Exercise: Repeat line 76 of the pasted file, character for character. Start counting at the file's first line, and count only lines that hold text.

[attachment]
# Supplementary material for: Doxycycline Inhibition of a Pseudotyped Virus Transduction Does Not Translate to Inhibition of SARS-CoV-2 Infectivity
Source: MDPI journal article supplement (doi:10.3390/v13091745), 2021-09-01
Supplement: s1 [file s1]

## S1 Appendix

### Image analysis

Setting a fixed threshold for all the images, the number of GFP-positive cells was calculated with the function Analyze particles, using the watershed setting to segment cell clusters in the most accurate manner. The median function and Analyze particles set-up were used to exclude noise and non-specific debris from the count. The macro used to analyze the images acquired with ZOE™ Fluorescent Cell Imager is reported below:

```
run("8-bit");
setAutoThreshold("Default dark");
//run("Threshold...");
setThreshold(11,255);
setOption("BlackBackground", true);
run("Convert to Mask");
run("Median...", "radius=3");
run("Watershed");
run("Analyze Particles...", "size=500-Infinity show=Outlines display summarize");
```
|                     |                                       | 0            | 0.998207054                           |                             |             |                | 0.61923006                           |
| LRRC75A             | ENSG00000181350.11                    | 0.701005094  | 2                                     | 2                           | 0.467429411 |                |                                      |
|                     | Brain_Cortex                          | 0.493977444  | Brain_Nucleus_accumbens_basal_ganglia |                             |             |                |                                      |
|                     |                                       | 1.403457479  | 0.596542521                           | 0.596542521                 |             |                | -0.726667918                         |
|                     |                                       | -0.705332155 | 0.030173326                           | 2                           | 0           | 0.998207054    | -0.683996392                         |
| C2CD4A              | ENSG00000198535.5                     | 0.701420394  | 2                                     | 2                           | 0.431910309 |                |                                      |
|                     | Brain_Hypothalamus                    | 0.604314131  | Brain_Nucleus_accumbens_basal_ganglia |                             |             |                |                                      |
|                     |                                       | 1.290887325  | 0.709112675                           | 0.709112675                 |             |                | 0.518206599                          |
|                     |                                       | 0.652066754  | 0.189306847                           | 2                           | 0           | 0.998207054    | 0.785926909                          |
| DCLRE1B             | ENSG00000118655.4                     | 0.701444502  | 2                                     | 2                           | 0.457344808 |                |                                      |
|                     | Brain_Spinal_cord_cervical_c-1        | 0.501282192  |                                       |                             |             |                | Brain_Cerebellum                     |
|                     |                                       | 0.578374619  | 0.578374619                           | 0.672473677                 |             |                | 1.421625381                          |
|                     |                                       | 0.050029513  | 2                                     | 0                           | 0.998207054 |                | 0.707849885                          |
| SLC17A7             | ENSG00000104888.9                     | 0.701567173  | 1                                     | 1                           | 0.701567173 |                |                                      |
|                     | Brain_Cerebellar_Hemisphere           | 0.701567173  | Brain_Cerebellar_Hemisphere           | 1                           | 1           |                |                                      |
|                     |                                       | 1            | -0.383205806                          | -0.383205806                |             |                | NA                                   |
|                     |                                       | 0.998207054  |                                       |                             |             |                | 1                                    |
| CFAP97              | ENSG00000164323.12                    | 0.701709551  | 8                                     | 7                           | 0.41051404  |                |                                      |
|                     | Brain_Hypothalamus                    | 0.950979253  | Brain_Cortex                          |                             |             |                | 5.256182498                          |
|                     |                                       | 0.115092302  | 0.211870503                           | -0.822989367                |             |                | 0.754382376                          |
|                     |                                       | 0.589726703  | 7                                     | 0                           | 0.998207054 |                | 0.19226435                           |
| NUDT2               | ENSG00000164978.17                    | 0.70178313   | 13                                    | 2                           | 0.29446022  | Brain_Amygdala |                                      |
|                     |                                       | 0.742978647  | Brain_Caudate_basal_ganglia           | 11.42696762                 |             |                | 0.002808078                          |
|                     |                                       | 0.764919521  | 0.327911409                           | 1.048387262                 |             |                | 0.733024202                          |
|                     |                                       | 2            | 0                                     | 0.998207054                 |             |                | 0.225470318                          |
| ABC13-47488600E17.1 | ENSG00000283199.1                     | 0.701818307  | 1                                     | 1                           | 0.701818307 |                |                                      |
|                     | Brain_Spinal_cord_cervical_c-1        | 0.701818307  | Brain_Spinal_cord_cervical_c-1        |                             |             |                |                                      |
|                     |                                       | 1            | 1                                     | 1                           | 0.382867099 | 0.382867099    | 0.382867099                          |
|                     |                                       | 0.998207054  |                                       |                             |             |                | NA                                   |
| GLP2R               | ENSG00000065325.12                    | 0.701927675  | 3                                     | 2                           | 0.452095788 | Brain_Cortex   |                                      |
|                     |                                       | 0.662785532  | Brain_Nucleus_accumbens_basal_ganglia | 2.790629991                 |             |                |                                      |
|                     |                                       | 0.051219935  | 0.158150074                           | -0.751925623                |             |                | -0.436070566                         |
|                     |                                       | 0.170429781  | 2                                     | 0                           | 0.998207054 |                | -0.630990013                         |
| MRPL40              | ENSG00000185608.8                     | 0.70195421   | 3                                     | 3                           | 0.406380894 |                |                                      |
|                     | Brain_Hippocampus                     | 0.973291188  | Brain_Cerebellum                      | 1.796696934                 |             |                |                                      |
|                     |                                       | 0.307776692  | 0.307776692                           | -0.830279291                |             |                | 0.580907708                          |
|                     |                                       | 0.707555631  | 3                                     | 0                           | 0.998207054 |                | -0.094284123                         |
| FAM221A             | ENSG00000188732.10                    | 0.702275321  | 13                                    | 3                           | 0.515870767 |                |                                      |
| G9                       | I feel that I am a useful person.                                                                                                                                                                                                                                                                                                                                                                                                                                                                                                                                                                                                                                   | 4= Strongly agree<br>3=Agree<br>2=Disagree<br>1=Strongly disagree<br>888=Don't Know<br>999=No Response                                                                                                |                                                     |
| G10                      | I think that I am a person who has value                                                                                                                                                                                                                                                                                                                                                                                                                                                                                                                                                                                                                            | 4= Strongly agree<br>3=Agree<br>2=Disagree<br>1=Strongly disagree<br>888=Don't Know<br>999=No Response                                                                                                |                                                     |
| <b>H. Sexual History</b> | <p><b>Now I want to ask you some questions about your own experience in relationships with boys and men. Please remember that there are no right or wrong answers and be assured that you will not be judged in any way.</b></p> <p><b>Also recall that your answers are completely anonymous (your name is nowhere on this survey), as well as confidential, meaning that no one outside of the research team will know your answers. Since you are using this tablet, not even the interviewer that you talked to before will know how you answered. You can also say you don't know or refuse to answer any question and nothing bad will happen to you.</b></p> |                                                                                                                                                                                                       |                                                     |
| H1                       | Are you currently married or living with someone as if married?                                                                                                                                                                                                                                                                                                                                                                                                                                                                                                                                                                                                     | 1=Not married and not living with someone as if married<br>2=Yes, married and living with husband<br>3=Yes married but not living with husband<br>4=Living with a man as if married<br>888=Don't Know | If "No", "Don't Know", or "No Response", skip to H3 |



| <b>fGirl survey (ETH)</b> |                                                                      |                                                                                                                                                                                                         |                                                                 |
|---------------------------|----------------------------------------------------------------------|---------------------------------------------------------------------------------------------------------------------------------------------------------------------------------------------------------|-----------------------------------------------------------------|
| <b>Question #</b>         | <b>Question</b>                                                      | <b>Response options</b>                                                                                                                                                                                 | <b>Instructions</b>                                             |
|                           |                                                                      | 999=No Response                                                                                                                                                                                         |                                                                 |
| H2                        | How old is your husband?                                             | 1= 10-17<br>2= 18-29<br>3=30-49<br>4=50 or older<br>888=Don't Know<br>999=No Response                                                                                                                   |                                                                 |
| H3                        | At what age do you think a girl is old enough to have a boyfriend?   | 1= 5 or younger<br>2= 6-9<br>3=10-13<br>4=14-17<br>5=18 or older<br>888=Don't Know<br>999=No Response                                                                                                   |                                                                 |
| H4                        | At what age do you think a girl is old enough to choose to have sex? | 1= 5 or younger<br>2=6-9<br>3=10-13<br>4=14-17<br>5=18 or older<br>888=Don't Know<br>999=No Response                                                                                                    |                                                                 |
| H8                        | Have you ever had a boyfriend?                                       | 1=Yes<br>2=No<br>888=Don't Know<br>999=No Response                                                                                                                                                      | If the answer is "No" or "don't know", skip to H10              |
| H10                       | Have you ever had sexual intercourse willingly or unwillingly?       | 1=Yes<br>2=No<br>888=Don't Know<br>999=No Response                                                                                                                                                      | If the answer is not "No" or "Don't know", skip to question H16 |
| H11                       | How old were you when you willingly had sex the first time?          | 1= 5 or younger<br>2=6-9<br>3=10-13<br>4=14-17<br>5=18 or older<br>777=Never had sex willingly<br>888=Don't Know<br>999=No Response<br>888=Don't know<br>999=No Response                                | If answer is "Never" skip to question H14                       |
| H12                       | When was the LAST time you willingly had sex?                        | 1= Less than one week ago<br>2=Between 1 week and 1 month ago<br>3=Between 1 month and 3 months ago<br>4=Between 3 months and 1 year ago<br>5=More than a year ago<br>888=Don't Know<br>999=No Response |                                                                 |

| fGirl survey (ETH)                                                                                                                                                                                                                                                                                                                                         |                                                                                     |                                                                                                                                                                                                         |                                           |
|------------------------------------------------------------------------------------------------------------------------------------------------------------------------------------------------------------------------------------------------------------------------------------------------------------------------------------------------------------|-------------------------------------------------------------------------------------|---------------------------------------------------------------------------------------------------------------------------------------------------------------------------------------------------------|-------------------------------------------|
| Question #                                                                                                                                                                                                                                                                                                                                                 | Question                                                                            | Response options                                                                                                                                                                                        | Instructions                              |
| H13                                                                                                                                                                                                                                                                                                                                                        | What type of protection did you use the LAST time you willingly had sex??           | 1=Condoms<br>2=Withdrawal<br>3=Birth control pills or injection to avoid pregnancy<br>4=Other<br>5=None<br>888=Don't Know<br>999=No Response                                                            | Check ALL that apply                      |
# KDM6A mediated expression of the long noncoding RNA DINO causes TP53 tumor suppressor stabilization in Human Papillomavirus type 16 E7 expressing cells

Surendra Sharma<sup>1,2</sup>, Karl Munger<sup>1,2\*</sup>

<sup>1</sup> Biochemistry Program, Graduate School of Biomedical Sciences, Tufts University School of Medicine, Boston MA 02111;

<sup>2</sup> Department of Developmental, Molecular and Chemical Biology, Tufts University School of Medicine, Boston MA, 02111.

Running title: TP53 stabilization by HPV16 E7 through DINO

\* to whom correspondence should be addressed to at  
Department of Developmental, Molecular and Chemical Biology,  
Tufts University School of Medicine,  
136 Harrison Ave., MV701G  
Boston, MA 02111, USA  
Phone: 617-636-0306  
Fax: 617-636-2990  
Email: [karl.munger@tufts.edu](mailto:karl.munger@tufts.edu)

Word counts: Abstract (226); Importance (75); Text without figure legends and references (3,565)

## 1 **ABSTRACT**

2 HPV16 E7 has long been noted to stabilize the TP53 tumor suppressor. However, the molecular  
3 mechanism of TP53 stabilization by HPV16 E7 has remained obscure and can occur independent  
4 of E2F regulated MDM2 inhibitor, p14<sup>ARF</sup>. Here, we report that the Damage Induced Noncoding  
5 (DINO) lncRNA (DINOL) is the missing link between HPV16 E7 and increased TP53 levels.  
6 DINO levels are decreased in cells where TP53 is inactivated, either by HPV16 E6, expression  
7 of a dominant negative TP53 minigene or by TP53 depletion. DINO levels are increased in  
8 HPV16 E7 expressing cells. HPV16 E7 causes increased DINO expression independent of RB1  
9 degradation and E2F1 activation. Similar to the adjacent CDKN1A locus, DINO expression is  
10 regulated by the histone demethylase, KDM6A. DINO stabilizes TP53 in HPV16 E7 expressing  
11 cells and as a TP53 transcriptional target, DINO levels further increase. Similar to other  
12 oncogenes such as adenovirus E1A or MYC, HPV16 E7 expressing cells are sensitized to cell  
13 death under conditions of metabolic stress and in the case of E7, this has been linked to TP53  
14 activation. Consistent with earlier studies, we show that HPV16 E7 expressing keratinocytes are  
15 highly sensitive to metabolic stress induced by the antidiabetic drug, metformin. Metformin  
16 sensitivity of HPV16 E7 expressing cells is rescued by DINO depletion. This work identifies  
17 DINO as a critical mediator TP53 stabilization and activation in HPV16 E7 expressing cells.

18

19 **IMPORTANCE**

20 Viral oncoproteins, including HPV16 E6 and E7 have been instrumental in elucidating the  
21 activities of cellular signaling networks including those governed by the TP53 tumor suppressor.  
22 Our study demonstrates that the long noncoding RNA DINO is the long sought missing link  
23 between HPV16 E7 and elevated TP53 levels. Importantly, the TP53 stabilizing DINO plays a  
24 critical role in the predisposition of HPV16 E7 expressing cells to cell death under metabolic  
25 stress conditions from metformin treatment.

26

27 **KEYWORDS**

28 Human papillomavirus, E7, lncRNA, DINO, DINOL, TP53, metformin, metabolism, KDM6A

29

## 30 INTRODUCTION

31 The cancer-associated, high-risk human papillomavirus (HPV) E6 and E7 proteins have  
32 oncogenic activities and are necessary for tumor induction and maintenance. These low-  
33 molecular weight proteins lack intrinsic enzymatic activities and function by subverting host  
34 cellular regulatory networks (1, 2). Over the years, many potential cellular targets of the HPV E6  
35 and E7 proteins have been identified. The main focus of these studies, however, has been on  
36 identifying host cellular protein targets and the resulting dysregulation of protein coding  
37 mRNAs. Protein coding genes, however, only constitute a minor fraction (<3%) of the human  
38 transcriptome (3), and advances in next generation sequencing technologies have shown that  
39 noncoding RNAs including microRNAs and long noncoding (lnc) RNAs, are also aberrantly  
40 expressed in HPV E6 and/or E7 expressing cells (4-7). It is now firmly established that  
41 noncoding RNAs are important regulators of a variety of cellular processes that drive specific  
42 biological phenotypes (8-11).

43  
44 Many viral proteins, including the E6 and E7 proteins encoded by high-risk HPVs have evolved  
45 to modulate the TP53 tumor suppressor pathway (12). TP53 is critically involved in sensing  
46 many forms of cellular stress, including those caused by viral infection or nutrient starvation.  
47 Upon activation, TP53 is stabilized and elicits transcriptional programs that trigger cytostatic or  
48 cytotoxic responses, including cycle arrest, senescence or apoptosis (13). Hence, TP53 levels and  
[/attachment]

Surendra Sharma<sup>1,2</sup>, Karl Munger<sup>1,2\*</sup>